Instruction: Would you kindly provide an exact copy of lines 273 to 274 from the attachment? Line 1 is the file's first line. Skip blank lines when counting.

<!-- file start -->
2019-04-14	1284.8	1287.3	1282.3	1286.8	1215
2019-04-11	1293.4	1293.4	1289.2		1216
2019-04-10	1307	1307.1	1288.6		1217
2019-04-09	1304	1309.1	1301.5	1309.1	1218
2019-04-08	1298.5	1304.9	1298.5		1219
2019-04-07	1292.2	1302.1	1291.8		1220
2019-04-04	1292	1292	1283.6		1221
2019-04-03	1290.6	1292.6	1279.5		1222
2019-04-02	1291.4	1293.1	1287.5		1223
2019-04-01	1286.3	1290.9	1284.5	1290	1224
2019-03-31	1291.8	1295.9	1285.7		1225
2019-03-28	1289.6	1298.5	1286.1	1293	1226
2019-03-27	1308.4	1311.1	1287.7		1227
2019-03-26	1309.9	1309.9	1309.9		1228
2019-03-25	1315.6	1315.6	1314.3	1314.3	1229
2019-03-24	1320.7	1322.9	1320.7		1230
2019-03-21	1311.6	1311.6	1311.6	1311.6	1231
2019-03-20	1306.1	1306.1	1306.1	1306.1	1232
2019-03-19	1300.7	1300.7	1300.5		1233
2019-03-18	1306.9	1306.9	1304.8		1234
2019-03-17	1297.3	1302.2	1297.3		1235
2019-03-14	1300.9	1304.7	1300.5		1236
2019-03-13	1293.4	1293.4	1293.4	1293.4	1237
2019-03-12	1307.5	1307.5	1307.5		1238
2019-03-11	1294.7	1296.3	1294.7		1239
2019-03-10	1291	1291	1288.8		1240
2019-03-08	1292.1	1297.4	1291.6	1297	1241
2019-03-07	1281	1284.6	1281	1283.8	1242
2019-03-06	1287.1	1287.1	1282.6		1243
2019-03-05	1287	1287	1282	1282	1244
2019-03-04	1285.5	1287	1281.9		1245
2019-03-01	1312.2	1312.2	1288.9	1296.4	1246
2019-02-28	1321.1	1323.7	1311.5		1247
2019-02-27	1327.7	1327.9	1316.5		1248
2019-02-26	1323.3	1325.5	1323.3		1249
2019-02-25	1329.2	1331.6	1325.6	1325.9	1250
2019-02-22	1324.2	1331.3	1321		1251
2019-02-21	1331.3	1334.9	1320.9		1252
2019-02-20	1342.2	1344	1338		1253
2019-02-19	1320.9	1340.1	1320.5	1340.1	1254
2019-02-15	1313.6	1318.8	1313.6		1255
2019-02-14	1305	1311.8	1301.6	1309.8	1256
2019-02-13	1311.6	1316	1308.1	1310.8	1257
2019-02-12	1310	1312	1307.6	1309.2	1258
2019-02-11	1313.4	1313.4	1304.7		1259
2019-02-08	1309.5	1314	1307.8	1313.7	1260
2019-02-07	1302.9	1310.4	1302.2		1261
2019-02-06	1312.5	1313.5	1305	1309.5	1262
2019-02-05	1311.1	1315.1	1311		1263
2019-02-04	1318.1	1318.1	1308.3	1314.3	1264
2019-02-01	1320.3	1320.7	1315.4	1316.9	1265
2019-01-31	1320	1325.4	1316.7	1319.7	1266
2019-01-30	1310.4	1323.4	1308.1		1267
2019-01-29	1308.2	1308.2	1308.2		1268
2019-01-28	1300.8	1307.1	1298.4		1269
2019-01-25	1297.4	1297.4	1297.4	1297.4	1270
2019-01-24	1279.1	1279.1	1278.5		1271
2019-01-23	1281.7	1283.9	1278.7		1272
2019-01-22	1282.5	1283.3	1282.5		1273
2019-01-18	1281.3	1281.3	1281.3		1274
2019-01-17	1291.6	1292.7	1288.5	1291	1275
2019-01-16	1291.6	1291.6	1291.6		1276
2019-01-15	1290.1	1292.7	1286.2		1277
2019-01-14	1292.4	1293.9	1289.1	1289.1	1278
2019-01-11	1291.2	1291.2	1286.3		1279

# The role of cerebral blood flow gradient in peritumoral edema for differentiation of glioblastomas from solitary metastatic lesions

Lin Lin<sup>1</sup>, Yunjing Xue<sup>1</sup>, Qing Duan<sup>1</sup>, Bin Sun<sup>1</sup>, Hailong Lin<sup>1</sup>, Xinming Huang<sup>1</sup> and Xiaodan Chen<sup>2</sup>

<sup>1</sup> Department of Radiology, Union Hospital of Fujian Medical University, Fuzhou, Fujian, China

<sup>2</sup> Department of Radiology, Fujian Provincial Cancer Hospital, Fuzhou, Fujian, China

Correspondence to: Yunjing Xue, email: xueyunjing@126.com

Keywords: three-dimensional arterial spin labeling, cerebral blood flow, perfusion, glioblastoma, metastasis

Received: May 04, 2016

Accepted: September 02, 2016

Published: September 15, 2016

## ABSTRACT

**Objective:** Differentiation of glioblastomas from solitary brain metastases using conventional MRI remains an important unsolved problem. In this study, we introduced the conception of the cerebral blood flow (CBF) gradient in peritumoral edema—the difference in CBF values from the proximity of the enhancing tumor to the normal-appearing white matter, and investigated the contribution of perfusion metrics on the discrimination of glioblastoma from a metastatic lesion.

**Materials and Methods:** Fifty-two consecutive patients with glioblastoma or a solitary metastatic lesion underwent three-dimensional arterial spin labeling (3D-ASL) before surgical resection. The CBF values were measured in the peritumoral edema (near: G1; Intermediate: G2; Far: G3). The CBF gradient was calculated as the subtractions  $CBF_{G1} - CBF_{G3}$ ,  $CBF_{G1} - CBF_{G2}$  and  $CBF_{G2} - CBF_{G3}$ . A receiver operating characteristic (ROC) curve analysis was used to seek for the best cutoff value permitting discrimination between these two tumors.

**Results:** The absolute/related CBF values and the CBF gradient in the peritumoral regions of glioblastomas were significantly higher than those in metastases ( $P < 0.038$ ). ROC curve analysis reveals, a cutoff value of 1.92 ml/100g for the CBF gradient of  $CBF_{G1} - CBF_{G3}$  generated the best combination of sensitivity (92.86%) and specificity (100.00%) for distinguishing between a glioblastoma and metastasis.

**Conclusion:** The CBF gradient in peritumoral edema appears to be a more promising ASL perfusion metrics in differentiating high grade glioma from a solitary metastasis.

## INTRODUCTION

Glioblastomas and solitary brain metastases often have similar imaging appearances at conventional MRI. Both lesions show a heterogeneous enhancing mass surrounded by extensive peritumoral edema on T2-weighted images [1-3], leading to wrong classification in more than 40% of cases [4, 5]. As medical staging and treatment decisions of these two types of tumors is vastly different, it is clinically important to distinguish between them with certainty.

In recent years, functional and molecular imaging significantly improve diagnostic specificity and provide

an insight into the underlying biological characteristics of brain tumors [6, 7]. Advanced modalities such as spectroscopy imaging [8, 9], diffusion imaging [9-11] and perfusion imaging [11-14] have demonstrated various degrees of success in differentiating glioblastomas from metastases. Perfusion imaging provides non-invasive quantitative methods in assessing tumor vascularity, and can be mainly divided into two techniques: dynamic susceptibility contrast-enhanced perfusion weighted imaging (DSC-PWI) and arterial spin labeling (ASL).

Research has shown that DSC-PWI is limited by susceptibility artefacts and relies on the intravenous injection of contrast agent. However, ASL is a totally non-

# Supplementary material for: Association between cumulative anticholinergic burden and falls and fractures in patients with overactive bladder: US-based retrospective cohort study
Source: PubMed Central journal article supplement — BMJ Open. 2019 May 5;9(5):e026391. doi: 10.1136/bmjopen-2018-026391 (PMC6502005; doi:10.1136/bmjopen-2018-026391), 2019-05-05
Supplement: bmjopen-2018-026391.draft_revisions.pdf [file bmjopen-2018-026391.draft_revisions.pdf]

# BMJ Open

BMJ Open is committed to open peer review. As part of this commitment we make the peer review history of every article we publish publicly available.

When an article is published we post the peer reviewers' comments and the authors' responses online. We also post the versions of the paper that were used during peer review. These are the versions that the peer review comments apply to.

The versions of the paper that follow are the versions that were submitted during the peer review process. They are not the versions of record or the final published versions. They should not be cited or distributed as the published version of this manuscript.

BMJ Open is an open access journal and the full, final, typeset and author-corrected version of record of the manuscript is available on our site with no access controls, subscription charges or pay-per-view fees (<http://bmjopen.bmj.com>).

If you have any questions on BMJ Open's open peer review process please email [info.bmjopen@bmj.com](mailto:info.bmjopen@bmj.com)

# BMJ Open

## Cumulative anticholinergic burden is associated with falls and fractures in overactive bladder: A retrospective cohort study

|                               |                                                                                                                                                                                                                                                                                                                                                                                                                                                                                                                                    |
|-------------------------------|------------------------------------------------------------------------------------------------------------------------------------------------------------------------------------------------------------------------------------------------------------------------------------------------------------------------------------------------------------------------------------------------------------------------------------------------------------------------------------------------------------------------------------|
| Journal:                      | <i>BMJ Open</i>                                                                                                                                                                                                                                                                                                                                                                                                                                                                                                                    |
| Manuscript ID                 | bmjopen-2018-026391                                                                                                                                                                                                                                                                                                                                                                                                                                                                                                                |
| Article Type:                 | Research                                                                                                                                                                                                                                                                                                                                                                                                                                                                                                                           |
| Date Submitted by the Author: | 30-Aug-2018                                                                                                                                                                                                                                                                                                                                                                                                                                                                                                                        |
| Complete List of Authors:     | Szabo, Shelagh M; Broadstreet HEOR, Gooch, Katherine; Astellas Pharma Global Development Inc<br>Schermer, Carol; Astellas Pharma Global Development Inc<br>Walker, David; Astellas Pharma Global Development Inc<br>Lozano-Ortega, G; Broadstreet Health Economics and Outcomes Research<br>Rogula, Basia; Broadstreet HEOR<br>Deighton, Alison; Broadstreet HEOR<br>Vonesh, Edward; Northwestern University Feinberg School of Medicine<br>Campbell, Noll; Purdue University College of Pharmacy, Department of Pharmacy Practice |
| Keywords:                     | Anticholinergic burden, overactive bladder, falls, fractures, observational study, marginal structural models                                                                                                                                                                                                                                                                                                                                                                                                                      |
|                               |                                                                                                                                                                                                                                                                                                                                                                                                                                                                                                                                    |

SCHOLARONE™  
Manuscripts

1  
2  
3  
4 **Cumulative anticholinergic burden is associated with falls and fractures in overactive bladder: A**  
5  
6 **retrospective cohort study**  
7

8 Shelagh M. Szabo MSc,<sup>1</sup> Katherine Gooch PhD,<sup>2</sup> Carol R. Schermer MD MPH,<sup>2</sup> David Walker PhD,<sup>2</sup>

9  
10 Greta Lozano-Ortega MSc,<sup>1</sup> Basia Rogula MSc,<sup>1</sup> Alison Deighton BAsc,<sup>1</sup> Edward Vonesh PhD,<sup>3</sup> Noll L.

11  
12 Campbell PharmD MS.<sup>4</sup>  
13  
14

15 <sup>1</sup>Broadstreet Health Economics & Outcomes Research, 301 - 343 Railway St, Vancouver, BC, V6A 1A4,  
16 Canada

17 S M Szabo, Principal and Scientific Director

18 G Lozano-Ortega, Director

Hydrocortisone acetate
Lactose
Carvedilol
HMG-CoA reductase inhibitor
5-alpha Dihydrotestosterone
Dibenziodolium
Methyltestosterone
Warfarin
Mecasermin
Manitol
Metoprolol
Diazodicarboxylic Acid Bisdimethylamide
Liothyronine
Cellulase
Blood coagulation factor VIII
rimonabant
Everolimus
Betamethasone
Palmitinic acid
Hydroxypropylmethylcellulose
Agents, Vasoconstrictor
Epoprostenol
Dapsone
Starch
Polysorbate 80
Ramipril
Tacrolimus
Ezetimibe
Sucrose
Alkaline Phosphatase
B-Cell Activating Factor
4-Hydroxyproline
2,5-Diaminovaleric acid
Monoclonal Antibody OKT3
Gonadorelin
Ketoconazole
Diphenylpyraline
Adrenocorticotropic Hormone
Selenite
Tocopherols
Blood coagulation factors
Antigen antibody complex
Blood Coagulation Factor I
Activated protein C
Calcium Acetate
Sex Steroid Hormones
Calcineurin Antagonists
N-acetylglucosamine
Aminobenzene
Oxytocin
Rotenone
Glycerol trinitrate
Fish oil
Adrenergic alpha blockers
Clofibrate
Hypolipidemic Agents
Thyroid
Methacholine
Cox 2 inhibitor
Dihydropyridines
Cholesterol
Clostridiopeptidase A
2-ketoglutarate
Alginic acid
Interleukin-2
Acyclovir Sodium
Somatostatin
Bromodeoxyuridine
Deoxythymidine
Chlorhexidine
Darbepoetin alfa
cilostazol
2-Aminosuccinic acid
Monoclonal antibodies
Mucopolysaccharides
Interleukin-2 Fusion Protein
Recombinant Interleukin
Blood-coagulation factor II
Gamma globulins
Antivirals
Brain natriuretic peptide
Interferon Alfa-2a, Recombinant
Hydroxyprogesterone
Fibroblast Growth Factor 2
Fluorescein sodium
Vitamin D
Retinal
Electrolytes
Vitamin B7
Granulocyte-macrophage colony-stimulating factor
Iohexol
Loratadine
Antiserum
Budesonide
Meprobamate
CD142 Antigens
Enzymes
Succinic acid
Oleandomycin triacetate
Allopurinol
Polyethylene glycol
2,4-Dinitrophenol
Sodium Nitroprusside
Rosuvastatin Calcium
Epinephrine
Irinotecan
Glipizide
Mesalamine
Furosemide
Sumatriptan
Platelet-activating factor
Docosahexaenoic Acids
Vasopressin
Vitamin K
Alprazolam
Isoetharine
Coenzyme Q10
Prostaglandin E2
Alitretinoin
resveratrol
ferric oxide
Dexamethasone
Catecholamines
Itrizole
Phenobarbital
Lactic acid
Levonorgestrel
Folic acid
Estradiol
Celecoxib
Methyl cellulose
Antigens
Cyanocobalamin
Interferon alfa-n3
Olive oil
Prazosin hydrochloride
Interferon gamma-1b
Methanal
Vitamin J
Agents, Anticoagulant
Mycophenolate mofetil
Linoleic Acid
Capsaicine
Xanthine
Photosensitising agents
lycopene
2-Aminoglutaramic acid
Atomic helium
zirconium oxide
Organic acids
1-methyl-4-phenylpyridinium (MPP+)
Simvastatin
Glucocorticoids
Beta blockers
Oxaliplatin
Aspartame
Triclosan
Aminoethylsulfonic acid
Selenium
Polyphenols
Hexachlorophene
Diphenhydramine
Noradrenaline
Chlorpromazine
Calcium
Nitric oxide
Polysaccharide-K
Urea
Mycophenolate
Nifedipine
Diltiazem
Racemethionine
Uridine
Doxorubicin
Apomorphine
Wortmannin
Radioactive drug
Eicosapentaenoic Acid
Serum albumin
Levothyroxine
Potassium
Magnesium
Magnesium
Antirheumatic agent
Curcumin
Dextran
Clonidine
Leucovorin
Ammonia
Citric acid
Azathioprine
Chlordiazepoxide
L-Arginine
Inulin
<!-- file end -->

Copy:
zirconium oxide
Organic acids